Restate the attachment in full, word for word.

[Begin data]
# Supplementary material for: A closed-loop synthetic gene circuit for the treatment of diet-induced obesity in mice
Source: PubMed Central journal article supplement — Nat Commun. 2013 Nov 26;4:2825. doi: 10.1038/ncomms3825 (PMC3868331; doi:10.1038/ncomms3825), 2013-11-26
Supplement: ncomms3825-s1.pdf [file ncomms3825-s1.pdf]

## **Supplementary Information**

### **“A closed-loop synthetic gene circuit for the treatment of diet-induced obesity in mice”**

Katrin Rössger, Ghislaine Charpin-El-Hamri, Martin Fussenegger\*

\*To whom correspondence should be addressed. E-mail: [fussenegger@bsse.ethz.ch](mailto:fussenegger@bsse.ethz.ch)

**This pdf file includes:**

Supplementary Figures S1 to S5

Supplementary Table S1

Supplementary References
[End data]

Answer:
# Supplementary material for: A closed-loop synthetic gene circuit for the treatment of diet-induced obesity in mice
Source: PubMed Central journal article supplement — Nat Commun. 2013 Nov 26;4:2825. doi: 10.1038/ncomms3825 (PMC3868331; doi:10.1038/ncomms3825), 2013-11-26
Supplement: ncomms3825-s1.pdf [file ncomms3825-s1.pdf]

## **Supplementary Information**

### **“A closed-loop synthetic gene circuit for the treatment of diet-induced obesity in mice”**

Katrin Rössger, Ghislaine Charpin-El-Hamri, Martin Fussenegger\*

\*To whom correspondence should be addressed. E-mail: [fussenegger@bsse.ethz.ch](mailto:fussenegger@bsse.ethz.ch)

**This pdf file includes:**

Supplementary Figures S1 to S5

Supplementary Table S1

Supplementary References